But even as the accolades accumulated, she felt largely ignored. “We came back to the U.S. after winning those medals, and no one even knew we existed,” Welter says. “We were America's team playing America's game. And nobody was supporting the best women in the world.”
It took a turn to coaching men for Welter to gain that national attention. And even when Welter started Grrridiron Girls in 2017, there still weren’t really any opportunities for girls to find coaching at the youth level. Welter’s research taught her that part of the reason so many girls wind up quitting sports is because they don’t have any role models to look to. So Welter became that source of opportunity; Welter became that role model. At first, the camps were co-ed, but then she learned that put more pressure on the few girls who were willing to show up.
“The girls would go into these co-ed situations and if their skills were behind the boys, what you’d hear is, ‘You catch like a girl,’ or, ‘You throw like a girl,’” she says. “Listen, there’s no such thing. It’s either you’ve been coached, or you haven’t. And in the process of doing that, the messaging is that you’re worth it. You're worth the right coaching, and with that coaching, you can do anything.”
And with that simple message – and with more and more role models in place – the idea of girls and women in football has gone increasingly mainstream. In February, California became the latest of a handful of states to sanction girls' flag football, opening up a massive market for the sport. The NFL and Nike have thrown their weight behind the growth of the sport. And the opportunities continue to rapidly expand.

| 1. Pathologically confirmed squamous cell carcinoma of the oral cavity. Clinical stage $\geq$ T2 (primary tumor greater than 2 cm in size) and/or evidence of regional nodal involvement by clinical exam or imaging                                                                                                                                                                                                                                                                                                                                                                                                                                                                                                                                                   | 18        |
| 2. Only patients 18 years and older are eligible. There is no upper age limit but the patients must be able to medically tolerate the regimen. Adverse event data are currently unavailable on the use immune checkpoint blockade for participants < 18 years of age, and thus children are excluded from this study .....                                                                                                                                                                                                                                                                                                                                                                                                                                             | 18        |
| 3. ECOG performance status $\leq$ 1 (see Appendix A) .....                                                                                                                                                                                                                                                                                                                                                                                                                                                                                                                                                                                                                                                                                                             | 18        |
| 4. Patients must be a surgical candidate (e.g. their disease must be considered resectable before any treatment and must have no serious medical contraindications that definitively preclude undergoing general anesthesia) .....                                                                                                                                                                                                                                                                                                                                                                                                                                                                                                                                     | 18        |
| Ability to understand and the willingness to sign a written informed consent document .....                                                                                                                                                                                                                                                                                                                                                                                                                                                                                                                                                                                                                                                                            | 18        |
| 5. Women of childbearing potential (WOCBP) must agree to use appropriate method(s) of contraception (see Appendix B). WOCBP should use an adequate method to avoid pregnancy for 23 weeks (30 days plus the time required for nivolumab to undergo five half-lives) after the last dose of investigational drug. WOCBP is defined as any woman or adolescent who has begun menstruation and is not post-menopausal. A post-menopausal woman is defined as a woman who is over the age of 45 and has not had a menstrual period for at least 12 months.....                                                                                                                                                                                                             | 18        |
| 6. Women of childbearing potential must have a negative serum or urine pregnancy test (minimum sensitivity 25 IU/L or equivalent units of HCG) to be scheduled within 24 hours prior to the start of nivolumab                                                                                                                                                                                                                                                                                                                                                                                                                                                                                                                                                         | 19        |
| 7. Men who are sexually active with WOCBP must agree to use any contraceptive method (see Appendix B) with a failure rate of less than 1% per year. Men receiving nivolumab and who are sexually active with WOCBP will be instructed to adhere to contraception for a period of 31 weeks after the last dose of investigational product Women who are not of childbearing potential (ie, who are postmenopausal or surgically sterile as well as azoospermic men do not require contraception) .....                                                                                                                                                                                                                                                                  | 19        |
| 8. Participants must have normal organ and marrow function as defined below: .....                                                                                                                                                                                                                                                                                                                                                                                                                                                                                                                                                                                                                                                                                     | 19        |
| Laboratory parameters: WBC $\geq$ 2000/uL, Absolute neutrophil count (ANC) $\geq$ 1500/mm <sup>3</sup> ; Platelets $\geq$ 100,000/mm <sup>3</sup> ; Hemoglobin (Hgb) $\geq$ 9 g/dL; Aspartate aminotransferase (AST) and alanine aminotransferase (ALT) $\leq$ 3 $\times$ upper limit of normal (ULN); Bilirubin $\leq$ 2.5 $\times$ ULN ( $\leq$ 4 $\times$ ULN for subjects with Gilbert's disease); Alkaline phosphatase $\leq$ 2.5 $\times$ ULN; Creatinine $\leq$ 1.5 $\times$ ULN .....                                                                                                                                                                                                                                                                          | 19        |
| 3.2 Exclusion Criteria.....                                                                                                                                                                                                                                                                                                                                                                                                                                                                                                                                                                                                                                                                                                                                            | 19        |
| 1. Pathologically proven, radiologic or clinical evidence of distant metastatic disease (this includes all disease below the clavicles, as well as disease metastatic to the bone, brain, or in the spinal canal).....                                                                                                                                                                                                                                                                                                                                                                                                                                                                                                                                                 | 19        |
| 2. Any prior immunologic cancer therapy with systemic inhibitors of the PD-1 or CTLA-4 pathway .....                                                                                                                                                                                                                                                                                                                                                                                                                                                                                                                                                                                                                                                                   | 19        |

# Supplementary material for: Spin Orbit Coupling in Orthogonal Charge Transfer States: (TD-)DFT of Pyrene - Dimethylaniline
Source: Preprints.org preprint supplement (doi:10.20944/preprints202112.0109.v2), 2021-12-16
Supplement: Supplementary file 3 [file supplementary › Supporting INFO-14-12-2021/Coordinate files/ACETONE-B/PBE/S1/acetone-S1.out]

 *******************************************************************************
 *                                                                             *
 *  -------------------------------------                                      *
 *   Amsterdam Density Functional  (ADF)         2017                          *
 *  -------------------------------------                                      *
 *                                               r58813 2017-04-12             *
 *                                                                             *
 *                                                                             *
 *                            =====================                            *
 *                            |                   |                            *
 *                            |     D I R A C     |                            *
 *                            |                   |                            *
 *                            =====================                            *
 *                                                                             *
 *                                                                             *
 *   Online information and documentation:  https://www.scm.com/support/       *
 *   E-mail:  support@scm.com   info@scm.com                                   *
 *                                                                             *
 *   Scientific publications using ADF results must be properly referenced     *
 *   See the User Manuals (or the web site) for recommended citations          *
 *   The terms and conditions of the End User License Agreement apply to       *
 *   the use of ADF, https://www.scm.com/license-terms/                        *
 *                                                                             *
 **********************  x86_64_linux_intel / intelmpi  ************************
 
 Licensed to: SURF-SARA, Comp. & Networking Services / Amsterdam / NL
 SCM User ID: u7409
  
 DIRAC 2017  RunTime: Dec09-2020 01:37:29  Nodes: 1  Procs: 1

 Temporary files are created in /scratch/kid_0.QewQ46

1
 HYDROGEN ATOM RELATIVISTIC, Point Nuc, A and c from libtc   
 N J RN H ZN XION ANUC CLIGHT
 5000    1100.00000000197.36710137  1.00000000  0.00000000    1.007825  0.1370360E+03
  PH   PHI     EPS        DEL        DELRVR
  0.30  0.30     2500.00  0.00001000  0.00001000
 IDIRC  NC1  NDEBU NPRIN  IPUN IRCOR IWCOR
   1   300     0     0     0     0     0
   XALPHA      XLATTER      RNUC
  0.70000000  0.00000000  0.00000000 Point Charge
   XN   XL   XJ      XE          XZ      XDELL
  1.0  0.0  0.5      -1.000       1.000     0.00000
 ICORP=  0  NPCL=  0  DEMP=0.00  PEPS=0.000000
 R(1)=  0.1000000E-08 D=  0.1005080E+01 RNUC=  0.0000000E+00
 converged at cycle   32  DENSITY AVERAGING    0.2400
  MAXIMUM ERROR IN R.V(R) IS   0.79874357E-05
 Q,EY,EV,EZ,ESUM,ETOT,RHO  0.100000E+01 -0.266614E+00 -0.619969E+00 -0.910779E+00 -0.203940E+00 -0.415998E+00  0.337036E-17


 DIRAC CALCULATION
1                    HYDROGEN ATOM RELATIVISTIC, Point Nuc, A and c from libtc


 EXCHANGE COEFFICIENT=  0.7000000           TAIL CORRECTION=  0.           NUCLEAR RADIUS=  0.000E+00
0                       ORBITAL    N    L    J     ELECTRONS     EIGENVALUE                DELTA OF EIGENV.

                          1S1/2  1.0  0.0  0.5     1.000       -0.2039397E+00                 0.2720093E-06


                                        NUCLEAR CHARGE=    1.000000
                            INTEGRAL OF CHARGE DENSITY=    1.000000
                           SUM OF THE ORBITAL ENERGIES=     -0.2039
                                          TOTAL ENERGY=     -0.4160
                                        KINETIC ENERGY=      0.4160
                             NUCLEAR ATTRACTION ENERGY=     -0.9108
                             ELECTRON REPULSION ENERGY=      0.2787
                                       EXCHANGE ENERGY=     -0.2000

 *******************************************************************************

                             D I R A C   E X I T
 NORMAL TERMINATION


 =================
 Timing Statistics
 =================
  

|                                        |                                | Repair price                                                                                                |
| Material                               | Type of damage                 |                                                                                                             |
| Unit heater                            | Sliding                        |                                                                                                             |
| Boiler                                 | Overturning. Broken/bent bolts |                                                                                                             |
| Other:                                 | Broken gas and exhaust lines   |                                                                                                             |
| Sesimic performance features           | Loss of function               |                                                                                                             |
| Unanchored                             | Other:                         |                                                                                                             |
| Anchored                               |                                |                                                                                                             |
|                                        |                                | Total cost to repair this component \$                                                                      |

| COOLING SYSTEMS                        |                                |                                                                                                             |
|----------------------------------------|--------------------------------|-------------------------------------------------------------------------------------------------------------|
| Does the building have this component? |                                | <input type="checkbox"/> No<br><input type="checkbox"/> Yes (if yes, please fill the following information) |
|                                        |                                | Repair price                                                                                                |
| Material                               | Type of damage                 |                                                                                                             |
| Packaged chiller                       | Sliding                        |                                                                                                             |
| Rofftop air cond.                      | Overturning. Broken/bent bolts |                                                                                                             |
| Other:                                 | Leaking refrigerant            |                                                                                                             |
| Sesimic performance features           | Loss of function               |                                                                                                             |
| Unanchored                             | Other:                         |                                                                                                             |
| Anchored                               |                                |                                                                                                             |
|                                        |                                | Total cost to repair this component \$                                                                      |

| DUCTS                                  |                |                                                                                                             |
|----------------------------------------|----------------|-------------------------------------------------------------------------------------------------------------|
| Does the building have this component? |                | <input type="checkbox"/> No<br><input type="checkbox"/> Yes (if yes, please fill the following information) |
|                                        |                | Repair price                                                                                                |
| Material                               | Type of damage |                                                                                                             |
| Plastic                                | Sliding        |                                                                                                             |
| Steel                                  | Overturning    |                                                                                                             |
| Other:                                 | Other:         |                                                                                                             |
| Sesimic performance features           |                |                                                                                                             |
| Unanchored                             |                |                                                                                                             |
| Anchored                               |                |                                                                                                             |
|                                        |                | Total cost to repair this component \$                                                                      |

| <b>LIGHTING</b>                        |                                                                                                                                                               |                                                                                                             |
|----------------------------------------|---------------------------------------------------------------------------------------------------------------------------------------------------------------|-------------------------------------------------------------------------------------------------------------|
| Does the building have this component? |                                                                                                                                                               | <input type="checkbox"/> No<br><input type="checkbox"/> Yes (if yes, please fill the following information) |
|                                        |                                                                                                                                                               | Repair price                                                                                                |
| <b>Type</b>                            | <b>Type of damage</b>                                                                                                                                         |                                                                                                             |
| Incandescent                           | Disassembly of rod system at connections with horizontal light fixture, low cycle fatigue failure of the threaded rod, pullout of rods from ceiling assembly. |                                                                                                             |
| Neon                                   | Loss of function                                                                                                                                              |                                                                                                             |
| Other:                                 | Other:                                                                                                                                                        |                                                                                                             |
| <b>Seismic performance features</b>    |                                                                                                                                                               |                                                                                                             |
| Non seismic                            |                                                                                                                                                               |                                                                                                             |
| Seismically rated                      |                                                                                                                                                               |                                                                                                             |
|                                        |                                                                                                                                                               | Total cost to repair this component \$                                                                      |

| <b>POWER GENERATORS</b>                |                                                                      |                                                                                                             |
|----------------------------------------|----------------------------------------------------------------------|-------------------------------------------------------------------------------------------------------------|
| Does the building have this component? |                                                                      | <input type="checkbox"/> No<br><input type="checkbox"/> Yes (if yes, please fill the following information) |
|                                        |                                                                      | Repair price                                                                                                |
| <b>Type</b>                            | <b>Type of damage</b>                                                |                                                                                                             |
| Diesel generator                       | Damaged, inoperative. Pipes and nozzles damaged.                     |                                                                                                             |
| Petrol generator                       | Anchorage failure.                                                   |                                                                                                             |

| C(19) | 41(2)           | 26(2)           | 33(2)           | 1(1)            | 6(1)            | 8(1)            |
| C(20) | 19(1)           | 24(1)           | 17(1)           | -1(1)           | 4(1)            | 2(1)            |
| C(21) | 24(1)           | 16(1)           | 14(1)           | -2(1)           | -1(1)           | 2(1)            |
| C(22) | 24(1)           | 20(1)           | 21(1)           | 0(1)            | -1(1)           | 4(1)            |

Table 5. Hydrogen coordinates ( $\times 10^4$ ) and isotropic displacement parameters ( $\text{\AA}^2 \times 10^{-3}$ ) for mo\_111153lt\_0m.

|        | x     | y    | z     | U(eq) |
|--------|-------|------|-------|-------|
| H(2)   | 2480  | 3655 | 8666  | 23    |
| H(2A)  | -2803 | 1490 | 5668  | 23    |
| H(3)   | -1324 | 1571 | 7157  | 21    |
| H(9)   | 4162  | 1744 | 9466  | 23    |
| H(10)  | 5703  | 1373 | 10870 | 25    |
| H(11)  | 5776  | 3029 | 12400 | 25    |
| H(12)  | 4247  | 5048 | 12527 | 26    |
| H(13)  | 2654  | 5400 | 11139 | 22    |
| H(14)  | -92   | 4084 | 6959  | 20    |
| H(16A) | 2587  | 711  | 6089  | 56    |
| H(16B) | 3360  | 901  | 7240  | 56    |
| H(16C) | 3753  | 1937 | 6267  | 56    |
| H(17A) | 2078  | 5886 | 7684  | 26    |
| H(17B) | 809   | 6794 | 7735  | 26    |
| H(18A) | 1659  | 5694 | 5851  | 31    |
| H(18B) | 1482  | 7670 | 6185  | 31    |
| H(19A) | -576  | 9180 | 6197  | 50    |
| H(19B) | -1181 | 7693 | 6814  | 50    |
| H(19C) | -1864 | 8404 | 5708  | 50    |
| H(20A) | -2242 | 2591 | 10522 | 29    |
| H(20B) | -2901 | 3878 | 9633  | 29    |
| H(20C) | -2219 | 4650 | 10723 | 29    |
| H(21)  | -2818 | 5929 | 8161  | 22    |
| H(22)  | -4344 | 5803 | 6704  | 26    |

In 2019, Welter did a camp in Miami with Luther Campbell of 2 Live Crew. “These girls were good,” Welter says. “And the girls that day were like, ‘Coach, I would play football in college if I could.’ And I was like, ‘We’re working on it.’”
Just a few months later, the NAIA announced a partnership with the NFL to make flag football an official varsity sport, including at St. Thomas University in Miami, where many of the girls Welter coached at that camp are now playing.
Welter’s career continues along this dual track: Growing her own coaching experience while growing the opportunities for women in the sport as a whole. While the Vipers struggled through a 2-8 season, one of the linebackers Welter coached, Pita Tamouepenu, was named the XFL’s defensive player of the year. And in her mind, whether it's studying her male players or inspiring women and girls with her very presence on the sideline, everything she does is focused on the same goal: Coaching. Improving performance. And just being present. And ultimately, that’s what will help propel the next generation of women into positions of power in the sport.
“Girls can see it now – I can go to college and I can change the trajectory of my life through education and through an opportunity that football provided,” Welter says. “And that's one of the biggest things that's so different now. But we still have a lot of work to do. It's still a big story when you have a girl playing football. We're still an exception to the rule. “I tell people this all the time – we celebrate first. It sounds great. It sounds like this huge epic thing, but first inherently means only. The responsibility is to ensure that you’re not the last.”